“According to the Government of Canada website, the group “will provide advice to the government and consult with Canadians on the most efficient and effective ways to reach this goal.””

“But not everyone is confident the panel can succeed. That includes Corinne Le Quéré, a Canadian climate scientist and member of the U.K.’s Climate Change Committee, which has played a pivotal role in reducing Great Britain’s emissions by almost half since 1990 and now roughly three per cent a year. In an interview with CBC Radio’s WHAT ON EARTH, Le Quéré points out that Canada has repeatedly failed to meet its climate targets, and remains one of the few wealthy countries where emissions continue to rise.”

“Advisory committees are essential, she argues, because policymakers are so focused on the near term that more distant goals end up on the back burner. For example, if we want to decarbonize transport by 2030, she said, we need to immediately start producing cars differently, installing infrastructure and planning for the increased electric demand.”

“The problem is, Canada’s new advisory body doesn’t have those kinds of near-term targets, she said. “It’s too slow. There are a lot of good mechanisms, but the urgency of the action is just not there,” said La Quéré. What’s more, she said, the panel is too closely tied to the government. “In order for these committees to have a real voice in society, they need to be far enough from government to not be enmeshed in the day-to-day decisions, but close enough to actually understand what can work in the Canadian policy process.””

“Dan Wicklum, co-chair of the Net-Zero Advisory Body, said its objectives are clear and that the transparency of the work they do will mean that Canadians can hold the government to account. “I think what we do want is to put in place strong, independent, transparent structures that are well resourced to give the best advice possible to the government so that they can make decisions,” he said. “And we feel we’ve got that body in place.””

“Le Quéré is calling on the government and Parliament to revisit the law that sparked the advisory panel in order to “strengthen the independence of this committee, give it resources, make sure it’s there for its expertise and inject a sense of urgency in it.” She said, “Unless you do that, we could wait another 10 years — and Canada’s track record is not very good.”” (See article by Rachel Sanders and Jennifer Van Evra at CBC –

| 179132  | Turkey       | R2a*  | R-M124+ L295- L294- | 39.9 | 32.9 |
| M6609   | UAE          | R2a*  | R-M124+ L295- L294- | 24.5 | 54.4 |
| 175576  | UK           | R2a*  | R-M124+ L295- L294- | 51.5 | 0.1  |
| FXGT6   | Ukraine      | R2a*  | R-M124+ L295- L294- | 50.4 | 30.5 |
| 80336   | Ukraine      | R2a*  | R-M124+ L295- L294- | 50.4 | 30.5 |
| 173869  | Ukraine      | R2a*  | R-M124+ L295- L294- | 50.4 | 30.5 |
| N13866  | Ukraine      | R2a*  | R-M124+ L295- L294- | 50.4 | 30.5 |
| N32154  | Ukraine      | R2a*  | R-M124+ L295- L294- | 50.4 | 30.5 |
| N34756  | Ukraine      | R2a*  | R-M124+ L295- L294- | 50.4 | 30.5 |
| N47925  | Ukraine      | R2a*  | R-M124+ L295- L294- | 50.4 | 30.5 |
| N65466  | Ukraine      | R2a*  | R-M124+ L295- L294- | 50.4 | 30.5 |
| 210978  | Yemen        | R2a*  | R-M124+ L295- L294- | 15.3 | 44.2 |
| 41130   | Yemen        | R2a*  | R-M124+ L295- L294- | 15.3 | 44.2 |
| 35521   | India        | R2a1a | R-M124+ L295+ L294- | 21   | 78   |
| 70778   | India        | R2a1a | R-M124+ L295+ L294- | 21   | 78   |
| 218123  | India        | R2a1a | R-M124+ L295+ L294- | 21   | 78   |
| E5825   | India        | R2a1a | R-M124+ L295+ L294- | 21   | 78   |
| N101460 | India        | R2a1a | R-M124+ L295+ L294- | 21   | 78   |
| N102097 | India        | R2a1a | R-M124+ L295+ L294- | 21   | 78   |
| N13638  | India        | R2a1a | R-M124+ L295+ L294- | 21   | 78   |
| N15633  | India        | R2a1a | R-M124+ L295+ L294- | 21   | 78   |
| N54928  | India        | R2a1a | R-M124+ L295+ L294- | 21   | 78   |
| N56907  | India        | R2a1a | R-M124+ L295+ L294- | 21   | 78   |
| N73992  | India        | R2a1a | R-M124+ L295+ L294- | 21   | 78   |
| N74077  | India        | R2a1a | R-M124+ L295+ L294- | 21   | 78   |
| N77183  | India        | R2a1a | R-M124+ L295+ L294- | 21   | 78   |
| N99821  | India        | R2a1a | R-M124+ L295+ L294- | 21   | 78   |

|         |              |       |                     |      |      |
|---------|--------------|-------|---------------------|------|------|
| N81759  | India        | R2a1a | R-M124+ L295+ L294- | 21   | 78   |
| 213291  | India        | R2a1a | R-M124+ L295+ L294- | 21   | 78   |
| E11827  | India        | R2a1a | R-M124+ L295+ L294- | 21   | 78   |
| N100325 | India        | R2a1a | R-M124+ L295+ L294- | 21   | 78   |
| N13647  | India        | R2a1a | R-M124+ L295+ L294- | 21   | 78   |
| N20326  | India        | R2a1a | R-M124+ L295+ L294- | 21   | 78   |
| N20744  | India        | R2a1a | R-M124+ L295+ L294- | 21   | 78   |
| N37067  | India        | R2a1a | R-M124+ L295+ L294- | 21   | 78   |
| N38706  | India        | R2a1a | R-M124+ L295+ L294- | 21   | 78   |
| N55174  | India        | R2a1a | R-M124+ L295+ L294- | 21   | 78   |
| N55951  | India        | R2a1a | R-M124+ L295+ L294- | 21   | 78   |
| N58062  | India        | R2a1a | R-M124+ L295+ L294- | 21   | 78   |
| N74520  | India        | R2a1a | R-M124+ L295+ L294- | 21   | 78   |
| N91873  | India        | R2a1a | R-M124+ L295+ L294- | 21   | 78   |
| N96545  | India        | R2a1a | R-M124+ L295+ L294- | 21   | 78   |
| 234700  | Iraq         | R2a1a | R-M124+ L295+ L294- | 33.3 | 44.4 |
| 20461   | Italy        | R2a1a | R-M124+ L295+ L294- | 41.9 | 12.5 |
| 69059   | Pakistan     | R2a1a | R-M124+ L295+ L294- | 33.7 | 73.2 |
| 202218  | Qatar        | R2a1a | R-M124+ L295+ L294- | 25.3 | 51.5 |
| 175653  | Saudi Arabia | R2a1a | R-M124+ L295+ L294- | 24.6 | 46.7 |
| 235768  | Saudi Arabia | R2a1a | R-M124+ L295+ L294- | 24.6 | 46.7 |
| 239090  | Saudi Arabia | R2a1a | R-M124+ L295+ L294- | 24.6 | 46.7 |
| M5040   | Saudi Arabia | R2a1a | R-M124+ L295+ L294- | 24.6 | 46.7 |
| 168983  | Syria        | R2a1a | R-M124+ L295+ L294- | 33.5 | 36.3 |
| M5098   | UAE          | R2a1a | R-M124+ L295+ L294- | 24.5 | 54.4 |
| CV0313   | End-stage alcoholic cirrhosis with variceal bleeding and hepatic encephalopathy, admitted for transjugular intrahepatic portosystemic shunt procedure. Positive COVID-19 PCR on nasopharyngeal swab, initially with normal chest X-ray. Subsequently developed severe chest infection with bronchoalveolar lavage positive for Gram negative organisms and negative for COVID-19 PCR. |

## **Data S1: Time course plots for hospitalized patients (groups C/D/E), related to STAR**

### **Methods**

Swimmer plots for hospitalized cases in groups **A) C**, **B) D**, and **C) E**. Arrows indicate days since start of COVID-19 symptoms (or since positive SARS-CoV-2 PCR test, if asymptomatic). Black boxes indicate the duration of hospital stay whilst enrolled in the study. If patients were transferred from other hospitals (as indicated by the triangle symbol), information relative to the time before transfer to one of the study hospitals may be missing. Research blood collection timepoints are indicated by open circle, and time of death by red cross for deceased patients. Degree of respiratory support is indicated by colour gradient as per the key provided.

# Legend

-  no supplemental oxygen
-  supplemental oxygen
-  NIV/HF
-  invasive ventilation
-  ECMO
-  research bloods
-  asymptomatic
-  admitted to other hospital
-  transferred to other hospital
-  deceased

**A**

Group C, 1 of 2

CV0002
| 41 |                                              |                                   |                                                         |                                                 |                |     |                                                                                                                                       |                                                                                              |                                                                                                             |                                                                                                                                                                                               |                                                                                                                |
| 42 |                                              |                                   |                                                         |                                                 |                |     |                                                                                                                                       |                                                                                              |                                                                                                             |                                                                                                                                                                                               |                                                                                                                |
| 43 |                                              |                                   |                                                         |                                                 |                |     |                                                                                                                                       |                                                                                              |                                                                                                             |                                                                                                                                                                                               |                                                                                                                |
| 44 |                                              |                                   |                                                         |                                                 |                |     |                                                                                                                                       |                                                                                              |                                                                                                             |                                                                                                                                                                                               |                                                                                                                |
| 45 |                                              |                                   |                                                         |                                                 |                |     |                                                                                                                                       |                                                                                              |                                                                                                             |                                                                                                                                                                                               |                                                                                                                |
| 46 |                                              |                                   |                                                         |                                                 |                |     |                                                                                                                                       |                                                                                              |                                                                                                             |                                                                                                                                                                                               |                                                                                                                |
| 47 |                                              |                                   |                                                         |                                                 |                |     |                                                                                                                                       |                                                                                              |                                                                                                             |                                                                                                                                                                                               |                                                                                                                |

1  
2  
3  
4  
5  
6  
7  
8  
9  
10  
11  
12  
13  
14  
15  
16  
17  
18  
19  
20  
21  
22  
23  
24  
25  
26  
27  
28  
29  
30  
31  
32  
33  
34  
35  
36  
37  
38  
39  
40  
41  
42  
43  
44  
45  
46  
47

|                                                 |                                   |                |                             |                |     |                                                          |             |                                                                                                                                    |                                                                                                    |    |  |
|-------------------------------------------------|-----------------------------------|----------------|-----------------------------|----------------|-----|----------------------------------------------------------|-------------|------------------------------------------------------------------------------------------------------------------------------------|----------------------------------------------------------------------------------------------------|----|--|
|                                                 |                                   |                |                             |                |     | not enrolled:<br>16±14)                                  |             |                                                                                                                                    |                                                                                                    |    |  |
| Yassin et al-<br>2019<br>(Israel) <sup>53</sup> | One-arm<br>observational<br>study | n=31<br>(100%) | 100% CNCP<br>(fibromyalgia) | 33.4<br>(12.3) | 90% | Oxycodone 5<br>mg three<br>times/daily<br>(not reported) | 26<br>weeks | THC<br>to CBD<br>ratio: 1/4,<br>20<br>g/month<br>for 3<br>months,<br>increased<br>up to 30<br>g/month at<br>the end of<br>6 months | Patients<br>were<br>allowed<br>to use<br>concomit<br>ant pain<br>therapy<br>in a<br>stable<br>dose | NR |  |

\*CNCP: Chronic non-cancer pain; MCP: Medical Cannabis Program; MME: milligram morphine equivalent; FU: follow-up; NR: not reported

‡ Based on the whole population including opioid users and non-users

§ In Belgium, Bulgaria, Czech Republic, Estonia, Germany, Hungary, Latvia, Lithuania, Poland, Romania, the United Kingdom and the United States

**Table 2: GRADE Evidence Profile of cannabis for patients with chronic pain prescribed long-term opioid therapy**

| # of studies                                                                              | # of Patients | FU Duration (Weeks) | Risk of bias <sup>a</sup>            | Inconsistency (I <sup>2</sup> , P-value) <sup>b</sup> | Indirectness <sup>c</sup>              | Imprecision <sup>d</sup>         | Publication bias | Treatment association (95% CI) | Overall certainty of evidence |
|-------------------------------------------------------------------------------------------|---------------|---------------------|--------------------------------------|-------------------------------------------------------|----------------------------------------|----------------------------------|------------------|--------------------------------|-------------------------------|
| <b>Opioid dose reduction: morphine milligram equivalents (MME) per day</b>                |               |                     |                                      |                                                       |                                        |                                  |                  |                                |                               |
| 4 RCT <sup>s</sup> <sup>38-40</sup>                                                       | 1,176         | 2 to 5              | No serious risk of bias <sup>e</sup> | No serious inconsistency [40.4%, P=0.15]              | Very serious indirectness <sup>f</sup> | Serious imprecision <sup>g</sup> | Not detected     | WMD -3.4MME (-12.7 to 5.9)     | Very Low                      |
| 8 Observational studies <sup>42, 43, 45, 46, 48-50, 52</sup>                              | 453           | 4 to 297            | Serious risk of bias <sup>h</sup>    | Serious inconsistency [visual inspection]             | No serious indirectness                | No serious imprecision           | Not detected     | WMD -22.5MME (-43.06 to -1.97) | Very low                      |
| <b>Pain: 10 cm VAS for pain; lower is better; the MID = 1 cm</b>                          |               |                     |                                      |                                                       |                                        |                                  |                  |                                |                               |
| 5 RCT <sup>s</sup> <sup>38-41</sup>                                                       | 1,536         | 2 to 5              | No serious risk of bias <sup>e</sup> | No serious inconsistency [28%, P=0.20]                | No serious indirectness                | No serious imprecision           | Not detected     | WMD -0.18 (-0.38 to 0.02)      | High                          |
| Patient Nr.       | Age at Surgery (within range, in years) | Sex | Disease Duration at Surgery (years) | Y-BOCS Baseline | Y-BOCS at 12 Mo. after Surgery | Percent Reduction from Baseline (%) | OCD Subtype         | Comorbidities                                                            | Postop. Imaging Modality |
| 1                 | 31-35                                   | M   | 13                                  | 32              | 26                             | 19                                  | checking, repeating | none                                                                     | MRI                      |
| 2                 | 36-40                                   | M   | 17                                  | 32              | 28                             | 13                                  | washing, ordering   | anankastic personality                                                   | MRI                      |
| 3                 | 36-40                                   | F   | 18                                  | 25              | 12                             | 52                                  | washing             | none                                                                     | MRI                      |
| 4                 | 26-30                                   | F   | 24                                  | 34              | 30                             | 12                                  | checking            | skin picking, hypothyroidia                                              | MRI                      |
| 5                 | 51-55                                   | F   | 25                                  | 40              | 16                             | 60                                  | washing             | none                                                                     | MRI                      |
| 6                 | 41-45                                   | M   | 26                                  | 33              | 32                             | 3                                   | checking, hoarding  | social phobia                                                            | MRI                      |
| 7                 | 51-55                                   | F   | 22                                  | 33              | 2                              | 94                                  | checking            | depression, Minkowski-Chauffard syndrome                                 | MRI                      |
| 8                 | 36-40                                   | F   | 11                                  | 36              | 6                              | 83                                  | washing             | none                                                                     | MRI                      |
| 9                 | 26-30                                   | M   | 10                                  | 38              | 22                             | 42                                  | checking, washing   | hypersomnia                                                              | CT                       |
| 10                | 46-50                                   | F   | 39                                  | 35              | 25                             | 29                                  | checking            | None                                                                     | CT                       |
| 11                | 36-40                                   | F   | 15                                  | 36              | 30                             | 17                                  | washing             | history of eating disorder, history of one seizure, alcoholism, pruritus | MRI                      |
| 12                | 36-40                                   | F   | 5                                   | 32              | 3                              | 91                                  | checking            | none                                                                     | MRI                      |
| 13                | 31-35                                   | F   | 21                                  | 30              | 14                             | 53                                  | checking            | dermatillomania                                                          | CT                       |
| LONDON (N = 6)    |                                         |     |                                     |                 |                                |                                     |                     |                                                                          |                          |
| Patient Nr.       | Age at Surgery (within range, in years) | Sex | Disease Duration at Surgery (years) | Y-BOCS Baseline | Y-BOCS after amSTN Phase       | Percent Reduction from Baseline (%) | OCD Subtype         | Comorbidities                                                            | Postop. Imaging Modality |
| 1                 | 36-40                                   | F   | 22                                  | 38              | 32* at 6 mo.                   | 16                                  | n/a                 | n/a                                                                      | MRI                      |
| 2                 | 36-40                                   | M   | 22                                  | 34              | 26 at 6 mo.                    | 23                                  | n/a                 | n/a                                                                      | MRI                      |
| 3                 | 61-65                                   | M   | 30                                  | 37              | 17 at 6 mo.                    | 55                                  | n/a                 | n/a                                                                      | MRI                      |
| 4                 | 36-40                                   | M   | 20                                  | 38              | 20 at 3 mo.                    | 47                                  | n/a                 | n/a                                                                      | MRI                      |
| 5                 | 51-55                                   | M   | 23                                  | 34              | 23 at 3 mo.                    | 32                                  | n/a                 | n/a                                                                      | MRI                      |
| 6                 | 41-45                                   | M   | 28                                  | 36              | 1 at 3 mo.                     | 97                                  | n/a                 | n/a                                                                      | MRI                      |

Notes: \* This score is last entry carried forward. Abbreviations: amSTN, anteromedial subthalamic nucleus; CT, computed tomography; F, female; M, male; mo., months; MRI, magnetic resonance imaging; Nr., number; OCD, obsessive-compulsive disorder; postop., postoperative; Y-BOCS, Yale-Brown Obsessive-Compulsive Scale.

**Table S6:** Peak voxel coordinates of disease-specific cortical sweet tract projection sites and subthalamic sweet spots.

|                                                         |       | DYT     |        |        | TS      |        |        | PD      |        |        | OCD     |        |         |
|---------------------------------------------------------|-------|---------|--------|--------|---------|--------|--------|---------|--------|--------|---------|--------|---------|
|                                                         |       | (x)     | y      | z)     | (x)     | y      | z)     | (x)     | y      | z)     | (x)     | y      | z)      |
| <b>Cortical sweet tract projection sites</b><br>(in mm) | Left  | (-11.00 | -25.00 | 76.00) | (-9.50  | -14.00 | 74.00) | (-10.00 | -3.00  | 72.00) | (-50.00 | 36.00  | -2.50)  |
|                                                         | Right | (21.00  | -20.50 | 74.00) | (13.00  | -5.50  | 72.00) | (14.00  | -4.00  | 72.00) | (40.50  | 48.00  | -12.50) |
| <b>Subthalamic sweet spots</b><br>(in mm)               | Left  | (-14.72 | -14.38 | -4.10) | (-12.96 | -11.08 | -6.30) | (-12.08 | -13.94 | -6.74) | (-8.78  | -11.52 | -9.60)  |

Canadian Companies Pledging Net Zero Carbon Emissions and By When

  • Blackberry 2021
  • CIBC 2024
  • Canada Goose 2025
  • Stantec 2030
  • Telus 2030
  • Indigo Books and Music 2035
  • Air Canada 2030 (absolute targets of 20% GHG net reductions from flights and 30% from ground operations)
  • Cenovus Energy 2050
  • Enbridge 2050
  • Kirkland Lake Gold 2050
  • RBC 2050
  • TD 2050
  • BMO 2050
  • Scotia Bank 2050

(See Globe and Mail article at –

A recent article we read indicates that not all businesses use the same parameters to calculate how they will get to net zero carbon emissions, and this is a topic to be discussed at the next Global Climate conference in November. Also it will be interesting to see what happens to the Air Canada pledge now that it is owned 20% by the Canadian Government.

What is Plogging?

Lucy learned a new word this week. She came across it twice in her research- plogging. Plogging is the act of picking up garbage while jogging. It gives you a full workout while cleaning up Mother Earth. Maybe if you like to jog, or even walk, you might bring along a garbage bag and gloves and consider cleaning up the garbage along the way, even if just once on or around Earth Day. It seems that there is more garbage along the road this spring than usual! When Lucy was in elementary school in the 1960s she recalls two pollution concerns, garbage along the road and acid rain in the Great Lakes. It is encouraging to see that acid rain in the Great Lakes is not longer the issue it once was because we removed phosphorous from our laundry detergent, and as a result citizens are now swimming in Lake Ontario, proof that we can make lasting improvements to our world. We have to continue to closely monitor what happens around those lakes because there are a lot of industries and farms around them.